In an earlier posting, I briefly mentioned the cast metal four-part folding icons commonly called “irons,” because their shape when closed is similar to that of an old metal flatiron — the kind one had to heat on a stove to use. You will find that earlier posting here:
Today we shall look a bit more closely at this very popular form of Old Believer metal icon, which may be found both with (as here) and without added colored enamel.
Here is an example:
It includes icon types of major Church festivals, as well as the commemoration of four “wonderworking” icons of Mary.
If we look more closely, we can identify the scenes in each of the four panels:
The top image is the Crucifixion (Raspyatie), with a tiny image of the “Not Made by Hands” image of Jesus just above the cross.
The upper left image is the Annunciation (Blagovyeshchenie) to Mary.
The upper right image is the Birth (Rozhestvo) of Jesus.
The lower left image is the Birth (Rozhestvo) of the Mother of God (Mary).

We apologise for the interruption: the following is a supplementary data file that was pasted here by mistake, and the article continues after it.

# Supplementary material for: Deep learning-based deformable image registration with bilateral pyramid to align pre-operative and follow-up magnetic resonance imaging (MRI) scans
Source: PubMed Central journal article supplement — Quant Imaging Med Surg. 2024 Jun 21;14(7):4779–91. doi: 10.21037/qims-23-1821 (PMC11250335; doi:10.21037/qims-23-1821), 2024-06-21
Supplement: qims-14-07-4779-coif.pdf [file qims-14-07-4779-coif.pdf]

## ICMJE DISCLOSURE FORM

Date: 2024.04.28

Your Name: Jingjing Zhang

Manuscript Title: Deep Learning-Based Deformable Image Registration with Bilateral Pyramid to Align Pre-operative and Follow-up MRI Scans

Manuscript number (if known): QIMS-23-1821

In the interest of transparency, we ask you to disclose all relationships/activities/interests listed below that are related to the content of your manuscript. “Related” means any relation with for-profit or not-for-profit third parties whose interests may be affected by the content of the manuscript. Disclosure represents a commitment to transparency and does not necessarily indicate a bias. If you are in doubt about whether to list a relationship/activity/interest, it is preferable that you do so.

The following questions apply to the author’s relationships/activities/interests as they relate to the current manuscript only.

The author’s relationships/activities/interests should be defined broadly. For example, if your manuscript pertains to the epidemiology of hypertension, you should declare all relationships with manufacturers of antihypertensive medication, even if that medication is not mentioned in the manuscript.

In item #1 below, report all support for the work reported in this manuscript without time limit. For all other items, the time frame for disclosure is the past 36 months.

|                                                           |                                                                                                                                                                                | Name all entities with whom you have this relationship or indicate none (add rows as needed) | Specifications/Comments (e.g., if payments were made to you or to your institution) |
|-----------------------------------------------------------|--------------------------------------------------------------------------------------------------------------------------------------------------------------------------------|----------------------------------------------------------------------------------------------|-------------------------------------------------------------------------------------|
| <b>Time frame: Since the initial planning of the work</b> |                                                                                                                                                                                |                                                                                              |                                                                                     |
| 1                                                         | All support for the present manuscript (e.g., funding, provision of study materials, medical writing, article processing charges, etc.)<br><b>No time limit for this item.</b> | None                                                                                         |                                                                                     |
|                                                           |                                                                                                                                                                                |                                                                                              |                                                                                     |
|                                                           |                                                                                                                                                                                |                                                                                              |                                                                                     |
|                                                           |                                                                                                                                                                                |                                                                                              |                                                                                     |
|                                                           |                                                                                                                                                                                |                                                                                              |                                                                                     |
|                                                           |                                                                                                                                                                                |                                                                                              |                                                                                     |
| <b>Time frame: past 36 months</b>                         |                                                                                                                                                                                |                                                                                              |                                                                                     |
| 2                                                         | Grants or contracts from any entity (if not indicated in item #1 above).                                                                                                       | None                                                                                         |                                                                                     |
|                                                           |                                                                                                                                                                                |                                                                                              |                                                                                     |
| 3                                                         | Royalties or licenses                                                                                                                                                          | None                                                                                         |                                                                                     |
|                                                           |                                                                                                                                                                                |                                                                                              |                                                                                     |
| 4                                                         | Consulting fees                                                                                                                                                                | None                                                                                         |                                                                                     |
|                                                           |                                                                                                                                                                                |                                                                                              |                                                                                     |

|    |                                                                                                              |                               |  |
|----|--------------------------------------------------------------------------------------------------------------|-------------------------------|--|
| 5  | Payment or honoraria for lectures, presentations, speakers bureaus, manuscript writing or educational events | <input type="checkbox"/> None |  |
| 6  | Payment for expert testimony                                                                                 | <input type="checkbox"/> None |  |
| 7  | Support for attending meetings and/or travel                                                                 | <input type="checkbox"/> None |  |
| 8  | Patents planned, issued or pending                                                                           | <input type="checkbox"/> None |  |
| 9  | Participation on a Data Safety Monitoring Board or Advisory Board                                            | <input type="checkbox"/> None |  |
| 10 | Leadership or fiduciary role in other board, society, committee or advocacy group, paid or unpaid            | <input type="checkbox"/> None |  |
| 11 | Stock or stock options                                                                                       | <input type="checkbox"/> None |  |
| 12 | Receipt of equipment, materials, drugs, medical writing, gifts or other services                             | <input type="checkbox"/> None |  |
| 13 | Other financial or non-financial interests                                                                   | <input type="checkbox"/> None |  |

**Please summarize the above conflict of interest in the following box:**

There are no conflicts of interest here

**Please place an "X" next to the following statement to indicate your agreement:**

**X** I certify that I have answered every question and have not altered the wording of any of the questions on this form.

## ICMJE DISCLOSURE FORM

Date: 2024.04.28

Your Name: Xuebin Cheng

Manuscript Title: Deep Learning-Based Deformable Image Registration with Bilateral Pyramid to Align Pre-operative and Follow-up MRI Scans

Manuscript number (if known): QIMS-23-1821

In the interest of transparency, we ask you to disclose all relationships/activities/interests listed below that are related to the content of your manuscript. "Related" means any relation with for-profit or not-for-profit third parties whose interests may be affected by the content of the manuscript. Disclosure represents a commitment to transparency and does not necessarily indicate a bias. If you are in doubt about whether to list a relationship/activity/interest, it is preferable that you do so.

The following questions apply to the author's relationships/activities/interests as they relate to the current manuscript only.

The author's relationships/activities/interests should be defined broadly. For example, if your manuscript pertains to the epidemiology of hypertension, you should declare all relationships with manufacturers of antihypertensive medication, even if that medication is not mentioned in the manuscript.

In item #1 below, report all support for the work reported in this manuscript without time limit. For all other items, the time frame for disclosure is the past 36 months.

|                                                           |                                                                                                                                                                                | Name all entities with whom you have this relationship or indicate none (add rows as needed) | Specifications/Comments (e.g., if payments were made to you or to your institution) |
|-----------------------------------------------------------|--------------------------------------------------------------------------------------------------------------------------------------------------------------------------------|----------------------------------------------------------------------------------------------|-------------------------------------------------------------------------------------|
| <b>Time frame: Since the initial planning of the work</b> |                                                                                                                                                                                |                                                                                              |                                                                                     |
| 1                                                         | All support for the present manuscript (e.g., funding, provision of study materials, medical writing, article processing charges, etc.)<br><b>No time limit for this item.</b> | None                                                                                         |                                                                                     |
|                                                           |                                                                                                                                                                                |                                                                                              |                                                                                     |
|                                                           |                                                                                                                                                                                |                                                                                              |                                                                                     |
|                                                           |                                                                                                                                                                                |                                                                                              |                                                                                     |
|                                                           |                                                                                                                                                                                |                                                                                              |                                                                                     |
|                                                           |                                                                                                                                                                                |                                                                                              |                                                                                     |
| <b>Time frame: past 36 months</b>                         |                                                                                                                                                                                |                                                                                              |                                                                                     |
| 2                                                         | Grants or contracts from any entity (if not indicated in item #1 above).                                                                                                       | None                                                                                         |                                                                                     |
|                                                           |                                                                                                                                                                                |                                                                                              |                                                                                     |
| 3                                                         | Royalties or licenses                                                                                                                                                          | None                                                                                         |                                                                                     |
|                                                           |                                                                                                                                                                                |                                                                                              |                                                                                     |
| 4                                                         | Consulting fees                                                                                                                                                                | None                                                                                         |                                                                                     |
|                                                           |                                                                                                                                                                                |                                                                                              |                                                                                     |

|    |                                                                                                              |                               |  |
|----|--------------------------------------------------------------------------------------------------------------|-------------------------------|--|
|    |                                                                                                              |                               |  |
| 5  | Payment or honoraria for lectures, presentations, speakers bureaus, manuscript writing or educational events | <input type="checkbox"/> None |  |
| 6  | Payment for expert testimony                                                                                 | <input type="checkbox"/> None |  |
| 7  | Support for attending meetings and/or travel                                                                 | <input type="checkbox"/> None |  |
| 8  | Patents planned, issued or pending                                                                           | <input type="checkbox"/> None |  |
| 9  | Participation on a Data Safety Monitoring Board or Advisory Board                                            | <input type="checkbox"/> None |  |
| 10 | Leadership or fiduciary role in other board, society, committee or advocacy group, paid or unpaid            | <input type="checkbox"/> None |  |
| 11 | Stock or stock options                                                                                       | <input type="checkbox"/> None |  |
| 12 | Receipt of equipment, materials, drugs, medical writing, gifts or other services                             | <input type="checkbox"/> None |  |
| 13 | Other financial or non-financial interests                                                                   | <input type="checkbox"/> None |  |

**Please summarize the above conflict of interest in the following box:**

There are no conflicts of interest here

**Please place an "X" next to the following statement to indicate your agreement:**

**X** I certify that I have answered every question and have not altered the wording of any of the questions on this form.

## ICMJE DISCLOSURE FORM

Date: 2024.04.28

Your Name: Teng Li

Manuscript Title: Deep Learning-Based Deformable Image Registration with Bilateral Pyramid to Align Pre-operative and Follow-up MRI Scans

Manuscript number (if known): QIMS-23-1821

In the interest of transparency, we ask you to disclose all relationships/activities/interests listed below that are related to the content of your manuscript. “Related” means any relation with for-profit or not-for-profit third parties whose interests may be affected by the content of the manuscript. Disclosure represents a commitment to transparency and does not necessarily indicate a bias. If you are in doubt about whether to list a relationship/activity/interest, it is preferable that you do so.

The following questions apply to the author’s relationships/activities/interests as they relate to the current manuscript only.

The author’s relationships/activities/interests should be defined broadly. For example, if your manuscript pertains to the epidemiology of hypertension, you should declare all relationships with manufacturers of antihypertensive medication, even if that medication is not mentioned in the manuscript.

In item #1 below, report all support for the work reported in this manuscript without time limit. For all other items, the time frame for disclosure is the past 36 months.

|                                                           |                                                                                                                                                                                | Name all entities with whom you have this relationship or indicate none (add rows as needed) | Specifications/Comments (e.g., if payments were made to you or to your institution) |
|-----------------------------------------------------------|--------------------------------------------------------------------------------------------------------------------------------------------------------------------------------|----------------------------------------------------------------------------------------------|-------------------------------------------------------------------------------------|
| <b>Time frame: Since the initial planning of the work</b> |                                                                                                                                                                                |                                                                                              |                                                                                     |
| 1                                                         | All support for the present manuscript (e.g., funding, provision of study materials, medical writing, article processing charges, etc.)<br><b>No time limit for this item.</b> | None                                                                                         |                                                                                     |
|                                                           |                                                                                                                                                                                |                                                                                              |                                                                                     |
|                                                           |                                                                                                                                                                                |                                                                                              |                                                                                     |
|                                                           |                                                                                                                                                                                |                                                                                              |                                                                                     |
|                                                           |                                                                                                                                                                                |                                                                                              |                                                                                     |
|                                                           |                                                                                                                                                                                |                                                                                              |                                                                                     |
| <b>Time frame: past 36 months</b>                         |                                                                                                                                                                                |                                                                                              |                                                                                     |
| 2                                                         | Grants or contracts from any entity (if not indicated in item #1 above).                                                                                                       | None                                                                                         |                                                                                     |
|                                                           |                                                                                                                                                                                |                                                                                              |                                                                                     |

The lower right image is the Entry (Vvedenie) of the Mother of God into the Temple.
At top is the New Testament Trinity, with the inscription, “He Ascended into Heaven and Sits at the Right Hand of the Father.”
Left: The Meeting (Sretenie) of Jesus in the Temple.
Right: The Theophany (Bogoyavlenie), that is the Baptism of Jesus
Lower Left: The Transfiguration (Preobrazhenie) of Jesus.
Lower Right: The Entry (Vkhod) of Jesus into Jerusalem.
Top: The Elevation (Vozdvizhenie) of the Cross.
Left: The Descent (Sozhestvie) to Hades (Resurrection (Voskresenie) of Jesus).
Right: The Ascension (Voznesenie) of Jesus.
Lower Left: The Old Testament Trinity (Troitsa); in some examples this is replaced by the Descent (Sozhestvie) of the Holy Spirit (Pentecost).
Lower Right: The Dormition (Uspenie) of Mary.
Top: The Praise (Pokhvala) of the Mother of God.
Below that come four scenes of Poklonenie (Veneration) of Wonderworking icons of Mary:
Left: The “Tikhvin” icon with saints Maksim and Vasiliy (Maxim and Basil) Fools for Christ’s Sake, etc.
Right: The “Vladimir” icon with saints Aleksandr Svirskiy and Kirill Byelozerskiy, etc.
Lower left: The “Smolensk” icon with saints Antoniy and Feodosiy Pecherskiy, etc.
Lower right: The “Sign” icon with saints Antoniy Rimlyanin and Leontiy Rostovskiy, etc.
On the reverse side of such icons, one often finds a “Golgotha Cross,” which is discussed — as are the icons of major Church festivals and the individual Marian icons — in previous postings that may be found in the archives here through the “search” function on this site.
In Russian terminology, a “folding” icon — whether a diptych (two-panel), triptych (three-panel), quadriptych (four-panel) or simply several-panel (polyptych) form — is called a складень/skladen’.